Written by
Henry Arora
Head of Business Development

Experienced Manager with a demonstrated history of working in the Fintech/Customer services/Debt Collections industry. Skilled in Management, Debt Collections Sales, Leadership, Team Management, and Public Speaking. Strong operations professional graduated from Madhurai Kamraj University.

  • Fintech/Customer services Expert
  • Public Speaking
  • Debt collection Expert



Who holds a mortgage note?

The mortgage note is the legal document that proves ownership of the mortgage loan to the lender or investor. A mortgage-backed securities investor is one potential buyer of a note that has been sold by the original lender. Payments due from the borrower are to be made to the note holder, who may also opt to sell or transfer the note to another person. The capacity to collect mortgage payments or foreclose in the case of default is dependent on the lender's ability to track down the note's current holder.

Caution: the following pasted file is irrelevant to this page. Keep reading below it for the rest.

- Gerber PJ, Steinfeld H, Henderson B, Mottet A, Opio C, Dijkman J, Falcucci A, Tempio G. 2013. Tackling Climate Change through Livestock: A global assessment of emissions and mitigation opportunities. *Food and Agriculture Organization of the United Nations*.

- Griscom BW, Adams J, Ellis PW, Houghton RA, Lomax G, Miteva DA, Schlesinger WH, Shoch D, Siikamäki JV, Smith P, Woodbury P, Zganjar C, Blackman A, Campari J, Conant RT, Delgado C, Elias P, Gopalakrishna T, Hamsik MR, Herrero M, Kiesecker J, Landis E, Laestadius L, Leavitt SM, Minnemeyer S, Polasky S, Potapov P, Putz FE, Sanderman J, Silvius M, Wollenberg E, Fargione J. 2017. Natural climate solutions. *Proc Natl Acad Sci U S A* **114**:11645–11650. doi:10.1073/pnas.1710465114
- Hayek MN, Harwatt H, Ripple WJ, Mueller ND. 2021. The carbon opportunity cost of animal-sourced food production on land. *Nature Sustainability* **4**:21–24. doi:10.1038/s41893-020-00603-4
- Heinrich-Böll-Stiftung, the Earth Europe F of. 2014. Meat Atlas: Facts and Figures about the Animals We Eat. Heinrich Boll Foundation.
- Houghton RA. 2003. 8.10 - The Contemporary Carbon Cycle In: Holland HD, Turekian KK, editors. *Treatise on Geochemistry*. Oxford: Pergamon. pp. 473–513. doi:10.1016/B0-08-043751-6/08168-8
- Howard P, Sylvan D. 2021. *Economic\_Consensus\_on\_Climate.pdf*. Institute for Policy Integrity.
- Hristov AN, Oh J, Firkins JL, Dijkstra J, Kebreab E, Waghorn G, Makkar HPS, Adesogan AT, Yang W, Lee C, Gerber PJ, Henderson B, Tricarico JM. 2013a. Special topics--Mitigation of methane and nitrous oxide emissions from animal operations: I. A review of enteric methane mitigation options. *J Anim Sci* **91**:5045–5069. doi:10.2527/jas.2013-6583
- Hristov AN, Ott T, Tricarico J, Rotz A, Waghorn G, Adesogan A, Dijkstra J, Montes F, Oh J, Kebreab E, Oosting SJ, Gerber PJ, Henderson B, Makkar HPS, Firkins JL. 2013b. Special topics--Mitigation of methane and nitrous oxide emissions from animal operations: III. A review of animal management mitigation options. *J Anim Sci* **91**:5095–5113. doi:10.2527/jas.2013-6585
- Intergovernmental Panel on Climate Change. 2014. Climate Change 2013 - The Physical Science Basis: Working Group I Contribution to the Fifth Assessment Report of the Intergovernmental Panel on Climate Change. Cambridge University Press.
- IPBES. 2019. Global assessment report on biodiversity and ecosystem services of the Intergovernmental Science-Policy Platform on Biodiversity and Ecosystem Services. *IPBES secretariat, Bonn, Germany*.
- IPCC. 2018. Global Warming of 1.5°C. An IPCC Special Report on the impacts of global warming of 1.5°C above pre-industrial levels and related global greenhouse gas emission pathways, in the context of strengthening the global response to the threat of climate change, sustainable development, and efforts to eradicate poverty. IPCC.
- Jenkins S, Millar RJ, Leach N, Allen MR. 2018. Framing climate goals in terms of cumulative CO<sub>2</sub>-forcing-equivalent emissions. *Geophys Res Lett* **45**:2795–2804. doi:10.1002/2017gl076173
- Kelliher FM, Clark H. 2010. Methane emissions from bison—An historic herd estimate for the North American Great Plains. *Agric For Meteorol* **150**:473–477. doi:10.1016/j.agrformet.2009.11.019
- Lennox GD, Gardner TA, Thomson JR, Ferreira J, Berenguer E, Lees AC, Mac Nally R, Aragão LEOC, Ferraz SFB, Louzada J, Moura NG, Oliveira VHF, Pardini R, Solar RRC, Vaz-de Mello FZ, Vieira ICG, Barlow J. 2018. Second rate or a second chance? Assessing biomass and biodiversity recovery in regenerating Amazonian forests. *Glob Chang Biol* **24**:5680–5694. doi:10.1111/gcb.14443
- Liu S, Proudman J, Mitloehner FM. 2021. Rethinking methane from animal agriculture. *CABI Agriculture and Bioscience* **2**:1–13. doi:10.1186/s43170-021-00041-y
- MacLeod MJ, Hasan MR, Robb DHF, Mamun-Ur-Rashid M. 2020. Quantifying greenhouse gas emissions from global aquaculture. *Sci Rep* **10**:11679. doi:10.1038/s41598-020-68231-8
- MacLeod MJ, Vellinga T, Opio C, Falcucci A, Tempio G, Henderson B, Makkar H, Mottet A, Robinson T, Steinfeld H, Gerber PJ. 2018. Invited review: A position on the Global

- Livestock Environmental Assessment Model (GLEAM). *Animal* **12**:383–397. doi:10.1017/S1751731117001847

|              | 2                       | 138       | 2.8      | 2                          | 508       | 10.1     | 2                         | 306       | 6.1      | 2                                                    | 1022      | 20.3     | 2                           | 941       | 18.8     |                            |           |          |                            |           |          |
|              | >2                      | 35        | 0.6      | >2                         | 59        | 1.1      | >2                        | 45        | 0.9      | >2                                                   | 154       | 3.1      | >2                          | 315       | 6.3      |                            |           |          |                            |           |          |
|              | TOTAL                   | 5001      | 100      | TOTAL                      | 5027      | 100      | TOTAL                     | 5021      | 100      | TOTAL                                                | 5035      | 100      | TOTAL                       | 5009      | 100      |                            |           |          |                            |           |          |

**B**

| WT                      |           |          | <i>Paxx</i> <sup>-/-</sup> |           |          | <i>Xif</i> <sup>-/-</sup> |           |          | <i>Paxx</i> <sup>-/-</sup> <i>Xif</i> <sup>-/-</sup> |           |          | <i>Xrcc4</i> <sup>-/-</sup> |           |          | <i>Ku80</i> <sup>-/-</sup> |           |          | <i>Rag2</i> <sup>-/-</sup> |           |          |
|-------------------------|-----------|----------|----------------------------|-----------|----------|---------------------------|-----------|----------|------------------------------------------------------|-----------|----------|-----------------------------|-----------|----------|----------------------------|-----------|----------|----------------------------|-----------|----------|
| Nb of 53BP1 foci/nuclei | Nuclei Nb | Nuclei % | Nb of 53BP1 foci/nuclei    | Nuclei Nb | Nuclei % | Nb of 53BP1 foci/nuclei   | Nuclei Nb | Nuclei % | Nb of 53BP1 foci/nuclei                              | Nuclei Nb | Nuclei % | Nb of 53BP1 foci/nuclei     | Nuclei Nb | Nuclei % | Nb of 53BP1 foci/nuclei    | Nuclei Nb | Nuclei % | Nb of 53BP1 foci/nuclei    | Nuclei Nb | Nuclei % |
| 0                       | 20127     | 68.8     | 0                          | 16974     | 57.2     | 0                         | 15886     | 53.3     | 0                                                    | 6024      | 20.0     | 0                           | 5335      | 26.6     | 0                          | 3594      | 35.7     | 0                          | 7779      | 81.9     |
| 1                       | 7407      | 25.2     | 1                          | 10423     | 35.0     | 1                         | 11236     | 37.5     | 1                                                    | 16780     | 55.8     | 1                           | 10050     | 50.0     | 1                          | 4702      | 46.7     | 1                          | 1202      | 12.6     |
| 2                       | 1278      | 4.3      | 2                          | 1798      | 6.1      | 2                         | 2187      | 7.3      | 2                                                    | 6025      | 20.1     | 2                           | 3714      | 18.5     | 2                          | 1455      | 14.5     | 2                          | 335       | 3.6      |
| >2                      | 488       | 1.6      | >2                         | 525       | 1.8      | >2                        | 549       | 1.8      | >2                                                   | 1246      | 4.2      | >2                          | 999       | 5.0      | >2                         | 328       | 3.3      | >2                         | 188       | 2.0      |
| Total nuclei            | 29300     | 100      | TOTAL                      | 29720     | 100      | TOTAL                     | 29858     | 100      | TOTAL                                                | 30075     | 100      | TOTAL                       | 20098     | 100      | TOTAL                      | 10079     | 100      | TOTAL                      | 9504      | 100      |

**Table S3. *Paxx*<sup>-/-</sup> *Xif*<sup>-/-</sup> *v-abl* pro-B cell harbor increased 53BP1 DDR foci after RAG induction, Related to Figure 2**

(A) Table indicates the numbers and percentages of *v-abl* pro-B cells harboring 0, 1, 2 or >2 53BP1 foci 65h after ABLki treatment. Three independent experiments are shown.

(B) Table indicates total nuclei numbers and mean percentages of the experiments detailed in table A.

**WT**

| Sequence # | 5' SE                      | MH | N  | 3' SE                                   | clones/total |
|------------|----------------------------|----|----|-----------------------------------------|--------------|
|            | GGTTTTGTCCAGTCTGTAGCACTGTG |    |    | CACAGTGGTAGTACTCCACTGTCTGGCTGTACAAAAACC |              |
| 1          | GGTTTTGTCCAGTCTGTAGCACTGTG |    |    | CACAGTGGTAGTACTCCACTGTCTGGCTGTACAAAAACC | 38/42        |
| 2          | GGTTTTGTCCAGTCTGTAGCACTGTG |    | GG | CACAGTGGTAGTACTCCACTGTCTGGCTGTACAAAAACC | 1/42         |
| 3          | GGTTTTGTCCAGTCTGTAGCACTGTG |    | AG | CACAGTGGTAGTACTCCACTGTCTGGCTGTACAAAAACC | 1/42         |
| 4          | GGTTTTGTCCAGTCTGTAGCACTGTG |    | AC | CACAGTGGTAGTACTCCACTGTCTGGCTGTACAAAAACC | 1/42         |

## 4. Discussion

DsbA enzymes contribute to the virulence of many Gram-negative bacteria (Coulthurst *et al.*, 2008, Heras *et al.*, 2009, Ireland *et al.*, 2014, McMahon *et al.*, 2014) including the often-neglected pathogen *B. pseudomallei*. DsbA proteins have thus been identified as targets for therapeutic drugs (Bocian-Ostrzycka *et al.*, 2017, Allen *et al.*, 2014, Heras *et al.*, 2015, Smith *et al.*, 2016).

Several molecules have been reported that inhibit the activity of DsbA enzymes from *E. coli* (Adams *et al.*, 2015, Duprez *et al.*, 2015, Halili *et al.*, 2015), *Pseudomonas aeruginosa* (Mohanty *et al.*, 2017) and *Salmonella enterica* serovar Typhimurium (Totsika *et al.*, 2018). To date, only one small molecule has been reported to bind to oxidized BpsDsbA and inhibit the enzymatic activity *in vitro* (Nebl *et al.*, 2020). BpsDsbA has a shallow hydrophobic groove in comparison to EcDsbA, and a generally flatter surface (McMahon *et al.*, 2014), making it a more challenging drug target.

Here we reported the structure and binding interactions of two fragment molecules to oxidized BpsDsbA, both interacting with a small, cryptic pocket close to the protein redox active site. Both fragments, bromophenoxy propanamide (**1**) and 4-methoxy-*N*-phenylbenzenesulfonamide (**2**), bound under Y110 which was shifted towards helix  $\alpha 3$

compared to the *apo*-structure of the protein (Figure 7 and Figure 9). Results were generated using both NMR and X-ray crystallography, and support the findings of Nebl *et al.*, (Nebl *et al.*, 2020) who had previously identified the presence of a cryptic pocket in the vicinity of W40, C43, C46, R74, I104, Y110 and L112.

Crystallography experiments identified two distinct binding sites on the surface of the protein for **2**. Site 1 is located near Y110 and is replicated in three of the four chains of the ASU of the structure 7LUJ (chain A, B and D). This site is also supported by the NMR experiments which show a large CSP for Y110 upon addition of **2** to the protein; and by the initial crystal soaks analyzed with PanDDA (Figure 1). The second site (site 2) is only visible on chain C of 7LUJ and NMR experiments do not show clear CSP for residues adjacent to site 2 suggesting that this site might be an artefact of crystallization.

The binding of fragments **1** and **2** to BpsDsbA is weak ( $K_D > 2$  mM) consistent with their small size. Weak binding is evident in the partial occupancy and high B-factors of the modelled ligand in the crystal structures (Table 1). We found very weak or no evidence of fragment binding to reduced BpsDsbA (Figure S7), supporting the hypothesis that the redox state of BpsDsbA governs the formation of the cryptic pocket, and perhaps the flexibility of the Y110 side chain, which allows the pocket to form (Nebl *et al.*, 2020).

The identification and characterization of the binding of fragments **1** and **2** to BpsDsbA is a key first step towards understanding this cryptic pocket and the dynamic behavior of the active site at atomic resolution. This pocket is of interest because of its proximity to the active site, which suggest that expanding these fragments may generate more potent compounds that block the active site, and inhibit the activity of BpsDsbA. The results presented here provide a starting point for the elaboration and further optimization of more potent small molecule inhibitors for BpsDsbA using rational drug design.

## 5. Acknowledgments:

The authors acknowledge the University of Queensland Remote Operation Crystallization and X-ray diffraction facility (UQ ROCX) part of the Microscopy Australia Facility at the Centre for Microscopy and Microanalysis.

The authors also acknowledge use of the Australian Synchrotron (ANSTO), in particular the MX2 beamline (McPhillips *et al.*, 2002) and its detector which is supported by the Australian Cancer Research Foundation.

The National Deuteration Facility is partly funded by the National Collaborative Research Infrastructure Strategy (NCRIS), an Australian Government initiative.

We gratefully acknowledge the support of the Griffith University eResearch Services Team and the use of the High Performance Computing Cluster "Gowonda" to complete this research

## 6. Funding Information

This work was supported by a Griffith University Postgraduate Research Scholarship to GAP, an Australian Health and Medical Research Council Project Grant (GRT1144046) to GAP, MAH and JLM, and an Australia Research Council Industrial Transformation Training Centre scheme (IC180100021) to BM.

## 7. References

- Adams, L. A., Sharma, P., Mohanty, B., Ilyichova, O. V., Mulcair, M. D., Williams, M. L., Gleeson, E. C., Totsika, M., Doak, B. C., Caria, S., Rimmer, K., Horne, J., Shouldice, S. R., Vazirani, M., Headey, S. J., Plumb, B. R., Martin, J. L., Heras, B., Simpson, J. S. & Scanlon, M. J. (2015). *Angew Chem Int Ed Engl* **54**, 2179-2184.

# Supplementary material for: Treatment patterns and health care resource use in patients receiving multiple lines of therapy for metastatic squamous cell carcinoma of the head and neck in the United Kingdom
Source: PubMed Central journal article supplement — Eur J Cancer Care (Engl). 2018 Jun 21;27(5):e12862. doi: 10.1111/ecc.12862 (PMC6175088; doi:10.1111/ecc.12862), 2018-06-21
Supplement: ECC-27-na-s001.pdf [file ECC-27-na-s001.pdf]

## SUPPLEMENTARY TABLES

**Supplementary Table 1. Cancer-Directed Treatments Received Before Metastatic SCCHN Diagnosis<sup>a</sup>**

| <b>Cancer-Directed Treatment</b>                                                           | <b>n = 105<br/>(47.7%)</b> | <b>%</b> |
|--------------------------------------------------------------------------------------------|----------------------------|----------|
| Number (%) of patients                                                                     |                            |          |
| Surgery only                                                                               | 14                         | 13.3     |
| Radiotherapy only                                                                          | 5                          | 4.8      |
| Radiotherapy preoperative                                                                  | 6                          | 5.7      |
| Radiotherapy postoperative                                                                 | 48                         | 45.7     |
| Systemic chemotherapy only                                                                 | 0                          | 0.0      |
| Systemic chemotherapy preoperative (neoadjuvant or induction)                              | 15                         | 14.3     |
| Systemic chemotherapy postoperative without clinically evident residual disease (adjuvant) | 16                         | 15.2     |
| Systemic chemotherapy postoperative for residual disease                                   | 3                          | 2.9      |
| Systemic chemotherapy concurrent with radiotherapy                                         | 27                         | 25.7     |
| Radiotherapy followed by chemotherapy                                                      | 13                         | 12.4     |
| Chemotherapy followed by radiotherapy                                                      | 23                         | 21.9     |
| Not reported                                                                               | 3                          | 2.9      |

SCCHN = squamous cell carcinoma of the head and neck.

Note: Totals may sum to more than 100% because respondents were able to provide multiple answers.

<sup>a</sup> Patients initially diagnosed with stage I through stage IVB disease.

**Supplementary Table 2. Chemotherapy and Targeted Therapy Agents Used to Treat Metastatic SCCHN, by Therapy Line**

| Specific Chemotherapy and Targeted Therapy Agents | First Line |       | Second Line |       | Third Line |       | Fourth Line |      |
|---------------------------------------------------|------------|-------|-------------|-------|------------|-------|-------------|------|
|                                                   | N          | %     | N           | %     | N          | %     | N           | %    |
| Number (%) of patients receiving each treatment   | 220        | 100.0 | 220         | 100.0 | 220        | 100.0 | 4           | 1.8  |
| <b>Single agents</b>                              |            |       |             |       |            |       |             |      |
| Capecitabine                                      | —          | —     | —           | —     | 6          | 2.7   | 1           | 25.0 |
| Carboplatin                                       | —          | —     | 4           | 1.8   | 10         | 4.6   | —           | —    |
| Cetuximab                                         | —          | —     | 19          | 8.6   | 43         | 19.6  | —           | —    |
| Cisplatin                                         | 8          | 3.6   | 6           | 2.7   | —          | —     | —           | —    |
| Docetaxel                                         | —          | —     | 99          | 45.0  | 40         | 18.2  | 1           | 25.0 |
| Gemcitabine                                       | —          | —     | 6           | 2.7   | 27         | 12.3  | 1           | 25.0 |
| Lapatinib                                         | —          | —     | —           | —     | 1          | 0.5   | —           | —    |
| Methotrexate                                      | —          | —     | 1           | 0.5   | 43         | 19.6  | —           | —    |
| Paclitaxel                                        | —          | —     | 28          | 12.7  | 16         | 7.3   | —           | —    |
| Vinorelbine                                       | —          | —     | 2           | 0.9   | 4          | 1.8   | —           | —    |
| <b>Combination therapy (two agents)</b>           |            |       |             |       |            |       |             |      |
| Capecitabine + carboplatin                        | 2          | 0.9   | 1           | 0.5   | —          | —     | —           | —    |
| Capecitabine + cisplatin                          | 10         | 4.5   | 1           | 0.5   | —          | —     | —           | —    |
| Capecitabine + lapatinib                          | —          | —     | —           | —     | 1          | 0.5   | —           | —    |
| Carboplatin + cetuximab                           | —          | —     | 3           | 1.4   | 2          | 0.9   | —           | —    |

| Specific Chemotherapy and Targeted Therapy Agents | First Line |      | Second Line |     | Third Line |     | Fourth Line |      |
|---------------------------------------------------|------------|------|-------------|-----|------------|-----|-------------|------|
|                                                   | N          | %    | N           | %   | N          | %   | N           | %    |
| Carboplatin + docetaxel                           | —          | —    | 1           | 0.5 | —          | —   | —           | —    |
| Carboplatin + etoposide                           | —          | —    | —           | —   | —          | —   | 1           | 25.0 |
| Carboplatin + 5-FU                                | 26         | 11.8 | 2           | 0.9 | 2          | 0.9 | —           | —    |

How do Debt Buyers Make Money?

Debt buyers collect the debt purchased from a lender—those borrowers who pay and will make up the income of the debt purchaser.‍

Who Buys Promissory Notes?

A promissory note is an agreement between two or more parties where the borrower party promises to pay a sum to the lender party on certain terms and conditions as agreed upon. The note on which the agreement is made is called a promissory note. When the lender party decides to sell the note, it can be bought by any private firms or institutions dealing with debt buying. Typically, such entities hold licenses to buy and sell debt in the debt investment market.